Most Lake District farms are family affairs; the farmer or one of his offspring is the shepherd. At busy periods, everyone helps out with the work, but in general, no one person is exclusively responsible for the sheep, which will spend most of the year wild on the fells.
The farms are divided into two different categories; privately owned and tenanted. When speaking of privately owned farms, one is talking of the buildings and 'inside ground'. Generally the grazing land on the fells is common land, the farmer having grazing rights over a certain area. Having said that, even privately owned grazing land is subjected to rigourous planning permission and regulations. For example, the fells around the Buttermere Valley are all privately owned, but the only thing the owner can do with them is put sheep out to graze.
Tenanted farms within the Lake District are nearly all owned by the National Trust, being the only organisation with enough money to buy property within the region when it comes onto the market. They rent the buildings and fields to tenant farmers, who have certain restrictions imposed upon them by their landlord.
A shepherd's year could be said to start in November. At this time of year, the sheep roaming wild on the fellsides are gathered in the various fields that are scattered around the valley floor. Most of these sheep are breeding ewes, between three and eight years old. These ewes are then mated with a 'Tup' (ram) then returned to the fellsides, where they pass the rest of the winter in the mountains.
During the quieter, winter months, the shepherd carries out most of the essential maintenance work, which includes farming, fencing, dry stone walling, building repair, etc. At the same time, the shepherd must look after the breeds that are not hardy enough to pass the winter on the mountains. In addition, the shepherd needs to tend to any cattle, which must be kept in 'byres' (cowsheds) throughout the winter months.
Around Easter, things suddenly start to get very busy. The previous year's lambs, now called 'hogs', are returned to the farm. They have just spent their first winter in the relative luxury of outlying fields, where the weather is a little less inhospitable. These hogs are then, reluctantly, pushed up onto higher fell ground, where they spend about two days before deciding that they don't like the weather up there. After being chased out of the village half a dozen times, the hogs start to get the message that they are not really wanted and have to get used to living on the fellsides.
Around the same time, the heavily pregnant ewes are gathered for lambing. Once the lambs are born (usually singles, but occasionally twins or even triplets) the fun starts.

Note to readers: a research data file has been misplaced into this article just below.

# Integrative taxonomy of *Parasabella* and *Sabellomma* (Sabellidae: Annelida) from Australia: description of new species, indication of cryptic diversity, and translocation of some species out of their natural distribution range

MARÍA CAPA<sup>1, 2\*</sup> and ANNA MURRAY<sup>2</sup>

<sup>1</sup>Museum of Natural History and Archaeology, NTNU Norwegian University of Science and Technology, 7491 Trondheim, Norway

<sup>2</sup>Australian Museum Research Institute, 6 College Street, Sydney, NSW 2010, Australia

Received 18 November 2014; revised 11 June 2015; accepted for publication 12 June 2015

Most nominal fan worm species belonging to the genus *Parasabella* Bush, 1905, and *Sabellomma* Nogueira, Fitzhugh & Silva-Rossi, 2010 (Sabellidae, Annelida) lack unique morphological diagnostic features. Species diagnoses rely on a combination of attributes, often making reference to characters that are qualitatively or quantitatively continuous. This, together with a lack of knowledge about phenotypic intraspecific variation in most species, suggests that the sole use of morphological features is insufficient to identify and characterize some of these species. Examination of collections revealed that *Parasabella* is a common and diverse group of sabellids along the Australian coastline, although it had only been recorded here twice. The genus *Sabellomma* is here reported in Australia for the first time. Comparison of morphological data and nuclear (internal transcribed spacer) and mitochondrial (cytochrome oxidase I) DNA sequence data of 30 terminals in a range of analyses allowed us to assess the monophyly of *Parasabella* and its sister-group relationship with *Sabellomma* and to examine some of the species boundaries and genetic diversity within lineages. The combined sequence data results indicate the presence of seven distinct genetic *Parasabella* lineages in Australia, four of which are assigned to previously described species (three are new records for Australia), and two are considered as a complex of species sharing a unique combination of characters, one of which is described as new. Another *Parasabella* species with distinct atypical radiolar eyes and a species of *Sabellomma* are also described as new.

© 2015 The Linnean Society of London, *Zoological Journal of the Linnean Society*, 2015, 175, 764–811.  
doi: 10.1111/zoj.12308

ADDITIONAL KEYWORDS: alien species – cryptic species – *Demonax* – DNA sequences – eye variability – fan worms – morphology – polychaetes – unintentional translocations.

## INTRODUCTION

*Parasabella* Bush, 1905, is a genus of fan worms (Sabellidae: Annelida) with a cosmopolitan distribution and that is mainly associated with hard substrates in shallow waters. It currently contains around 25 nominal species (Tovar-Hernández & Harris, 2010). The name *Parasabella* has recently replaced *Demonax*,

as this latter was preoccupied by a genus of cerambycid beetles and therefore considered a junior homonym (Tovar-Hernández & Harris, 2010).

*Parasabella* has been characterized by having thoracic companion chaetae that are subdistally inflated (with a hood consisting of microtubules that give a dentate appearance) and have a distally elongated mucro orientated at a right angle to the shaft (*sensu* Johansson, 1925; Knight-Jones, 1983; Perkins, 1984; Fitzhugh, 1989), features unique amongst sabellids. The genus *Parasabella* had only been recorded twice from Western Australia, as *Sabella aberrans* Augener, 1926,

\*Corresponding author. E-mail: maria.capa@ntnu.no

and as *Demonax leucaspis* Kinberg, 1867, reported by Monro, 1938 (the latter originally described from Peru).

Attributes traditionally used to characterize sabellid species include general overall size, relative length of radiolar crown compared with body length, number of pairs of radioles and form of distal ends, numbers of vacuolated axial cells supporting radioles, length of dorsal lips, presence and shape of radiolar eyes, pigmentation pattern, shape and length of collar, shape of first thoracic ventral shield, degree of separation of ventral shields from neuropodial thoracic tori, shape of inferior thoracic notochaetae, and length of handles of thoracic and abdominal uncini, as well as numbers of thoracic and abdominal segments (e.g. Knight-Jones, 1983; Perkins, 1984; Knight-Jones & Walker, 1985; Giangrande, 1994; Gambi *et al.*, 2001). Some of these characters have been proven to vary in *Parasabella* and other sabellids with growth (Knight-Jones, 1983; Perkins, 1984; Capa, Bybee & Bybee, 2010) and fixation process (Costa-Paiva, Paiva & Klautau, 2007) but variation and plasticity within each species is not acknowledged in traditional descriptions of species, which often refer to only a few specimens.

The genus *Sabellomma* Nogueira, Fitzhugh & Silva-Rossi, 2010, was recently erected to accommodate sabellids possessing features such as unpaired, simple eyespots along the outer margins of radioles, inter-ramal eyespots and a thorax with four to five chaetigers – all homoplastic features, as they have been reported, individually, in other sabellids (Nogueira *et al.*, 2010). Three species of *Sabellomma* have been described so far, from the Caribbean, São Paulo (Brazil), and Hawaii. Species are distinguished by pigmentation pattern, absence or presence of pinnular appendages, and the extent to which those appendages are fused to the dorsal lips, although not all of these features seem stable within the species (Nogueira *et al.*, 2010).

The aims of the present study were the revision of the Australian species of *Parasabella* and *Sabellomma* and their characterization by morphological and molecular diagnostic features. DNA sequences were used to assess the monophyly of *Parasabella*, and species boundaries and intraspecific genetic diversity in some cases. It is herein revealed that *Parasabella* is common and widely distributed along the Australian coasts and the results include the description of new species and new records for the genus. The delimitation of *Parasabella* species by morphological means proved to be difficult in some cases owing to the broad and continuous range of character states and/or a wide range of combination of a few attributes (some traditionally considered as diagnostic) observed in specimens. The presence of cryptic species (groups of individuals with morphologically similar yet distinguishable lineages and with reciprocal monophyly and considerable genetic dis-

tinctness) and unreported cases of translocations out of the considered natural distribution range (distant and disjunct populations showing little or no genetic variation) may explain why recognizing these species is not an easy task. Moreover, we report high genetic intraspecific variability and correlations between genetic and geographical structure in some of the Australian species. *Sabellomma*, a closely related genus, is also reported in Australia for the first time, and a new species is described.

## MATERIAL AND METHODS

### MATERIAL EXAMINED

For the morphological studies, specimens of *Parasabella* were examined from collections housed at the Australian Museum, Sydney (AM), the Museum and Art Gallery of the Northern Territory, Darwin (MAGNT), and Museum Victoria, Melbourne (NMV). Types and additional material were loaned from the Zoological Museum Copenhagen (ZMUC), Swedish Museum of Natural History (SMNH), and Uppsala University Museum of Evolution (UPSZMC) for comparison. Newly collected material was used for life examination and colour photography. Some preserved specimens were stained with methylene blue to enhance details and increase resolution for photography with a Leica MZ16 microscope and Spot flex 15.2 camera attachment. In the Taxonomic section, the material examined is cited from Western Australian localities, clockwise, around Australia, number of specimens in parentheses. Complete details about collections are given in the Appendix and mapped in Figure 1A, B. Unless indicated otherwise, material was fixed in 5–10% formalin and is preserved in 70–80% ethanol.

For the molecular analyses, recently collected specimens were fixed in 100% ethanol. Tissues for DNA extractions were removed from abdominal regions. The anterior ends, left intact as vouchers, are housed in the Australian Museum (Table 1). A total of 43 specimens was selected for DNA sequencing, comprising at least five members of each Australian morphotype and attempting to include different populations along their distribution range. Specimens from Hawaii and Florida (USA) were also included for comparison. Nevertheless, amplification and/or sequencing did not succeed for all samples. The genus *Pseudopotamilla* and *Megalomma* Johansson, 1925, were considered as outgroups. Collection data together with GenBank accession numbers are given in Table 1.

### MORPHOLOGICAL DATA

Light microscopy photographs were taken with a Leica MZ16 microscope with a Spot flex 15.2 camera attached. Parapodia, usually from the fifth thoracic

Some ewes decide that the horrible little creature in front of them is not their own and run off in the other direction, leaving the shepherd to discover which lamb goes with which mother. Some, still pregnant ewes, try to 'steal' lambs from their own mothers. Then there is the difficult task of 'setting to', getting ewes whose lambs haven't survived to accept other ewes' lambs, either because the mother doesn't have enough milk for the quadruplets she's just given birth to, or, more likely with sheep, because she didn't want to go through the same thing the next year and decided just to drop dead to spite the farmer.
Providing the shepherd survives lambing time without having a nervous breakdown, four weeks later he turfs all of the sheep out from the fields and back to the fells.
Around two months later, they are all gathered back in for their annual haircut or 'clipping', as it is known. Watching a shepherd clipping sheep can be quite an educational experience for the uninitiated, not only will you be impressed by the speed at which the shepherd can remove the fleece from a sheep's back, but you will also learn a whole new vocabulary - sheep don't like having their hair cut and shepherds, in general, are not renowned for their verbal self-control.
At this point, it might be worth noting the different breeds of sheep to be found around the Lake District. The most common is the Herdwick, a hardy little animal, usually with dark wool and a white face and legs. These sheep are found exclusively in the Lake District, being ideal for the harsh weather conditions. The downside is that their wool is extremely coarse and useful only for carpets, thus the shepherd actually loses money when he clips them; working out the time taken, it actually costs him money to sell the wool.
Other breeds to be found in the Lake District are 'Swaledales' and the occasional 'Cheviot'. These, while being less hardy, are more valuable as they have better wool and faster-growing lambs.
In August, the lambs are separated from their mothers, the ewes are returned to the fells and the lambs are segregated by sex.
The 'wether' lambs, males, are sent to market, while the 'gimmers', females, are kept for future breeding stock.
Around October, these gimmers are sent away to spend their first winter on lowland farms, preparing to return the next spring as hogs.
During the autumn, the older ewes (seven or eight years old) are sold off. These animals have become too old to survive winter on the mountains, but may live another three or four years on lowland farms.
The financial situation of Lakeland shepherds is very complex. Most farmers would happily admit that if they sold up they would probably be very wealthy men. Sheep themselves, however, don't actually make much money. The strange situation now is that some farmers are actually being paid not to farm or to 'set aside' land. Many of these old farms have been converted to bed and breakfasts, signalling that the days of the tourist-hating shepherd are over. They've realised that tourism brings in the money that sheep cannot.